7th Circuit: ADEA’s disparate impact protections do not apply to applicants

Disparate treatment does

Posted January 29, 2019

A 58-year-old job applicant sued his potential employer because he was turned down for a position as in-house counsel. The job description required applicants to have “3 to 7 years (no more than 7 years) of relevant legal experience.” The applicant had more than seven years of experience. A 29-year-old applicant was hired. The applicant sued, claiming that the Age Discrimination in Employment Act (ADEA) protected him from such disparate impact.

The court ruled that, while protecting employees from disparate impact age discrimination, the ADEA did not extend that same protection to outside job applicants.

The pertinent section of the law prohibits employers from segregating or classifying employees in any way which would deprive or tend to deprive individuals of employment opportunities or otherwise adversely affect their status as employees, because of their age. Applicants, the court indicated, have no status as employees.

The applicant, however, argued that the reference to “individuals” included applicants. The court countered that the text must be taken as a whole, not focus on individual terms taken out of context. Therefore, “individuals” were those with status as employees.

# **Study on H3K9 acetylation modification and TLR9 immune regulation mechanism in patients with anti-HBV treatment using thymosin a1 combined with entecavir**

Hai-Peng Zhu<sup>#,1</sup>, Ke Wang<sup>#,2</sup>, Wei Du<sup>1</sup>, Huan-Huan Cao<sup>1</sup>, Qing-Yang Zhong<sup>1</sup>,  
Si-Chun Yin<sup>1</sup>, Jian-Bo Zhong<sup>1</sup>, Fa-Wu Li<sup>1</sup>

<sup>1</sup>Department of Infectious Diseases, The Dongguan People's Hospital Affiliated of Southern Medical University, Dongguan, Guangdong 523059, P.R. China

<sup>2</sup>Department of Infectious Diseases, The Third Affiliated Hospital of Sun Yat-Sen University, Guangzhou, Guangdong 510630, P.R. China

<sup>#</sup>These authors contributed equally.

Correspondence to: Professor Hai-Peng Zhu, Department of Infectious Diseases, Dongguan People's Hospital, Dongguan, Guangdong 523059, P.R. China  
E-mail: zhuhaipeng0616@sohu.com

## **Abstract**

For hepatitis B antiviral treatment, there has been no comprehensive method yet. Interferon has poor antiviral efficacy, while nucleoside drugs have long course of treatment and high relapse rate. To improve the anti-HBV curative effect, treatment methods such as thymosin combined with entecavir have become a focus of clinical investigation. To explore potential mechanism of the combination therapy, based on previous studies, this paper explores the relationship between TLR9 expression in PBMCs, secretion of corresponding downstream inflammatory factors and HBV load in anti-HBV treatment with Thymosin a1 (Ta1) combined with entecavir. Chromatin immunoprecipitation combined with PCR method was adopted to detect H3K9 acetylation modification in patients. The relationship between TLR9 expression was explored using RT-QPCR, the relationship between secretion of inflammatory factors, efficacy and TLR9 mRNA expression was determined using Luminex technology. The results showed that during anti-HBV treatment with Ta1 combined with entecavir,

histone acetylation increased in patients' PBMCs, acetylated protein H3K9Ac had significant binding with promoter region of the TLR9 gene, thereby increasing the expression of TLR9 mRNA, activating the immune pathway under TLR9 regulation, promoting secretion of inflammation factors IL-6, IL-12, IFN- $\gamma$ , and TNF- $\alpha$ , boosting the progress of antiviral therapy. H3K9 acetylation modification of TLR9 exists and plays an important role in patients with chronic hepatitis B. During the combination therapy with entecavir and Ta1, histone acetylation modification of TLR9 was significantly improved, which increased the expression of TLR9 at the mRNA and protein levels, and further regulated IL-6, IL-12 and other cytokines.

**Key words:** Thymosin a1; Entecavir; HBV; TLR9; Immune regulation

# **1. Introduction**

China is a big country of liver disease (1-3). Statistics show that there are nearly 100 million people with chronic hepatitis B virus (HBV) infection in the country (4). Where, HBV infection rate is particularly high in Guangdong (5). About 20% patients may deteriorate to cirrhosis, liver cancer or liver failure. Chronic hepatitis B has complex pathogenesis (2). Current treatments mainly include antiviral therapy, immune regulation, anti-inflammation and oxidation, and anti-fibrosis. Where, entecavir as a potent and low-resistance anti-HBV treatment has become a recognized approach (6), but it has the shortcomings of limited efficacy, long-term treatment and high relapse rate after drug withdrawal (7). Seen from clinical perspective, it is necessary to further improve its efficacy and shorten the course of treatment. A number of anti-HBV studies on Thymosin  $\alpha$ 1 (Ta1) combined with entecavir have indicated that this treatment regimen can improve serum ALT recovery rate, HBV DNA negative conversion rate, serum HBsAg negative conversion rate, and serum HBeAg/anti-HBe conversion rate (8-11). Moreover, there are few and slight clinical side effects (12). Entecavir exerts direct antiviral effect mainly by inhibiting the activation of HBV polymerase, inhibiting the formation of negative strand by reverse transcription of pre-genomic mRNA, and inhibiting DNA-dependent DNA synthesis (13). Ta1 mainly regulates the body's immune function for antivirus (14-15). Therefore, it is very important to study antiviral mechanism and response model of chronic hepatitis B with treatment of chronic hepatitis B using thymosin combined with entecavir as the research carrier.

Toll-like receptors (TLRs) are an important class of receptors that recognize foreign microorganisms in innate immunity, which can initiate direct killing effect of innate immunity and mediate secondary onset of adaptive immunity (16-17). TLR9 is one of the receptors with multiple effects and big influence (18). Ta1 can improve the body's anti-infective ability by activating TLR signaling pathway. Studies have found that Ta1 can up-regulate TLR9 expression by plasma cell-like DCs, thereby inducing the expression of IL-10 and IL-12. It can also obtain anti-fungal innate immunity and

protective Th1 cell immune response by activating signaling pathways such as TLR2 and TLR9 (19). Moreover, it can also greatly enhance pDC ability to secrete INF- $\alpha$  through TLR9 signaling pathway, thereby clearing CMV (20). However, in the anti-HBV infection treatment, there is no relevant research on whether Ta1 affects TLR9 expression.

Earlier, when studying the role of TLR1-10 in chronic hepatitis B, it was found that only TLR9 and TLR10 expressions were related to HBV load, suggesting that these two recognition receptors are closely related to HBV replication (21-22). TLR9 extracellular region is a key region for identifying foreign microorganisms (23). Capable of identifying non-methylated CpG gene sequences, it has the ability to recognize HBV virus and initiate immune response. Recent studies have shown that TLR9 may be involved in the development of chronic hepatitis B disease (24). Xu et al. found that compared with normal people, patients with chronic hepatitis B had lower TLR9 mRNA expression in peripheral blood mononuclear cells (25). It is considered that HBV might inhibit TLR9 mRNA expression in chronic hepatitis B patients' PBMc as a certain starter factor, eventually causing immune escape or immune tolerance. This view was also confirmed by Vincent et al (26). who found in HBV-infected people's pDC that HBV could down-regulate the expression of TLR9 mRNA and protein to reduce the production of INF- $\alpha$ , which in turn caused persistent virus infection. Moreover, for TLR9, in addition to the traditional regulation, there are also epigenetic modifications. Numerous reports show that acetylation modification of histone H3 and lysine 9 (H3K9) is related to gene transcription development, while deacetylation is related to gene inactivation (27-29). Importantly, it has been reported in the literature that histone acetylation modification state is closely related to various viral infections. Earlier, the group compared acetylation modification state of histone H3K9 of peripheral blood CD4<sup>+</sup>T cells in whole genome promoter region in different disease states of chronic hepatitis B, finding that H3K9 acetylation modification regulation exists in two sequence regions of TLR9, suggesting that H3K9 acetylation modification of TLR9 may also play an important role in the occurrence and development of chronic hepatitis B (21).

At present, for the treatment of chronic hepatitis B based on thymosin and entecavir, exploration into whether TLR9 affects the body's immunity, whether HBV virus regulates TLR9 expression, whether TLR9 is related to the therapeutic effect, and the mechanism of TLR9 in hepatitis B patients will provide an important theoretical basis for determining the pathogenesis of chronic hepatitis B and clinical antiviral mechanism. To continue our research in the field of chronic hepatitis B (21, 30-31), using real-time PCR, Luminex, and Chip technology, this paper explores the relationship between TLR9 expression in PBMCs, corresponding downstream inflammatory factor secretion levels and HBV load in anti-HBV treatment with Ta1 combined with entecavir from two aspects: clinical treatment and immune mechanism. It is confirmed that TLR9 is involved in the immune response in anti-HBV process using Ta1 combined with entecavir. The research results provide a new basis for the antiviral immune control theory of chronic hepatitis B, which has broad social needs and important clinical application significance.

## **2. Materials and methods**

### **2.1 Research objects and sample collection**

Since Congress chose its words carefully when crafting the law, the court pointed out that that applicants do not have protections from disparate impact under the ADEA.

Applicants do, however, have protections from disparate treatment, since that particular section of the law prohibits employers from failing or refusing to hire or from discharging any individual or otherwise discriminate against any individual with respect to his compensation, terms, conditions, or privileges of employment, because of such individual’s age. Here, “individuals” include applicants because this part includes “refusing to hire.”

Some judges in the case, however, dissented.

Disparate impact involve neutral policies or practices that have a disproportionate, adverse impact on any protected class; these are often unintentional practices that affect or could affect multiple people. Disparate treatment, on the other hand includes intentional acts of overt discrimination against individuals.

While discriminating on the basis of age can be risky in any employment situation, some courts (and judges) can find that applicants do not have all the protections that employees have. Careful consideration of all the facts and risk analysis continue to be a best practice.

Kleber v. CareFusion Corporation, 7th Circuit Court of Appeals, No. 17-1206, January 23, 2019

This article was written by Darlene M. Clabault, SHRM-CP, PHR, CLMS, of J. J. Keller & Associates, Inc.


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